Amyotrophic Lateral Sclerosis (ALS), or Lou Gherig’s Disease, is a life-threatening neurodegenerative disease with an estimated prevalence in the United States of 30,000 and an average life expectancy from diagnosis of only two-five years.
ALS causes the degeneration of both the upper motor neurons in the brain and the lower motor neurons in the spinal cord. This results in the progressive atrophy of associated muscle and the cells that support them, impairing the patient’s voluntary motor control ability. ALS symptoms often manifest first as muscle weakness, and then progress to difficulty speaking, swallowing, and breathing, with a majority of patients ultimately dying from respiratory failure or pneumonia.
Diagnosis of ALS can be challenging, largely being deduced by both its early symptoms, such as muscle weakness, as well as a methodical process of elimination of other diseases with symptoms that may mimic ALS such as spinal injury, vitamin deficiency, cancer, or multiple sclerosis. Autopsies on ALS patients, however, can reveal more defining abnormalities including neuronal atrophy and inclusion bodies (aggregated protein particles) in cells. ALS patients are also found to have an elevated level of the neurotransmitter, or neuron-to-neuron chemical messenger, glutamate.
There are both familial and apparently sporadic cases of ALS, with familial cases making up only about 10% of diagnosed cases. About 20% of these familial cases are attributable to mutations in the SOD1 enzyme, which acts to detoxify byproducts of metabolism in the mitochondria. The mutant SOD1 may comprise part of the protein aggregates seen in the cells of ALS patients.
Mutations are also found in the gene C90RF72. In ALS patients, there can be a six nucleotide extended repeat in one of the gene’s introns potentially affecting RNA splicing. Intriguingly, this same mutation has also been linked to Frontotemporal dementia, another neurodegenerative disease. About 13 other genes have been found so far to be associated with familial ALS and many of the genes are often found mutated in sporadic ALS as well, suggesting common mechanisms. Emerging themes from the mutations identified implicate RNA processing errors and pathological protein aggregation.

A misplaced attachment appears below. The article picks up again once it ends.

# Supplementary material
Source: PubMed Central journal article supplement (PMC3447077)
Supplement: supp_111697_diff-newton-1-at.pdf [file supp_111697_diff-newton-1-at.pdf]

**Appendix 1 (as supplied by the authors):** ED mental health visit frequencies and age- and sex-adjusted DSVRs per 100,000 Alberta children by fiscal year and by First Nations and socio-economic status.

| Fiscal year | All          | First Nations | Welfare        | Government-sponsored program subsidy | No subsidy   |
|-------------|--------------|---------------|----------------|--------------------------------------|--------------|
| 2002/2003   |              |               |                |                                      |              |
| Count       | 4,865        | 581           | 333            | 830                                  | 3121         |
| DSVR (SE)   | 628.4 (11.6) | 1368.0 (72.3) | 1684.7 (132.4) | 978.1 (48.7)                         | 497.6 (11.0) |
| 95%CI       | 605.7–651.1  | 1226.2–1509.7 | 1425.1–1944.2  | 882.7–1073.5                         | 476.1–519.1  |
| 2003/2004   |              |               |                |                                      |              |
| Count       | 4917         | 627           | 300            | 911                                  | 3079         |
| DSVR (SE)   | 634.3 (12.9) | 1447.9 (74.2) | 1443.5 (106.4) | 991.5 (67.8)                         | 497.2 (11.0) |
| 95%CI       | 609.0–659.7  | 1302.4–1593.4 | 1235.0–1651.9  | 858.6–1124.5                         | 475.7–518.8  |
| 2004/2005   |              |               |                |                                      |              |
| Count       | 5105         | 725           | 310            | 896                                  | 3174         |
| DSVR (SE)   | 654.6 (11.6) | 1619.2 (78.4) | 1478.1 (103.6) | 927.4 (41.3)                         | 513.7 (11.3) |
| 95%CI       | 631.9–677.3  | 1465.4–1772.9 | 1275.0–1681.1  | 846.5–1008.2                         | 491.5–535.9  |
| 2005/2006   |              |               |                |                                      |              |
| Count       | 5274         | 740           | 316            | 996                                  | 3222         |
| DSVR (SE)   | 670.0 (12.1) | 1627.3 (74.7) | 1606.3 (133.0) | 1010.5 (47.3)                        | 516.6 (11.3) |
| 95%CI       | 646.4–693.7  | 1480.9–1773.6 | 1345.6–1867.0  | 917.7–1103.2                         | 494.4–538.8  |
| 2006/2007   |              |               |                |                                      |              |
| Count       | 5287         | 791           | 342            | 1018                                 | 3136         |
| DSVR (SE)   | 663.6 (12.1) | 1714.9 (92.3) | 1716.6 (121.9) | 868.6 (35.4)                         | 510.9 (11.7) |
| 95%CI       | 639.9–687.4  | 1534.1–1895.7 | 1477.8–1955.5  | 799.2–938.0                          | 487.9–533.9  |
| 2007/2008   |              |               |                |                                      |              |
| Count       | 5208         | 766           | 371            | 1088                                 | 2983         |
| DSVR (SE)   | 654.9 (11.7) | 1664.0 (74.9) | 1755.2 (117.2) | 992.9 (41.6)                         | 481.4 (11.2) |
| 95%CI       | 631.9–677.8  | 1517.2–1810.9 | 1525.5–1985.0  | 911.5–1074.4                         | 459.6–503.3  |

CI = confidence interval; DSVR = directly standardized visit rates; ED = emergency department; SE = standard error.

There is currently no cure for ALS. Riluzole, an NMDA receptor antagonist, is used to slow the progression of the disease. The NMDA receptor interacts with glutamate in the space between the neurons and Riluzole is thought to decrease the toxic effects of the excessive glutamate seen in ALS patients, helping to preserve the neurons.
ALS research is focused on a better understanding of the factors involved in the disease, both genetic and environmental, in order to get a clearer picture of the mechanism, or possibly multiple mechanisms, causing the disease. Stem cells are also being used to recreate the disease in a petri dish in order to make it easier to study and to test potential drugs more quickly and safely than in humans.
Understanding the basic biology affected by ALS pathology informs the selection of therapeutic targets. Additionally, research is focused on identifying and developing biomarkers for the disease that will allow it to be diagnosed as early as possible. Early diagnosis coupled with improved therapeutics has the potential to improve the quality and duration of ALS patient’s lives.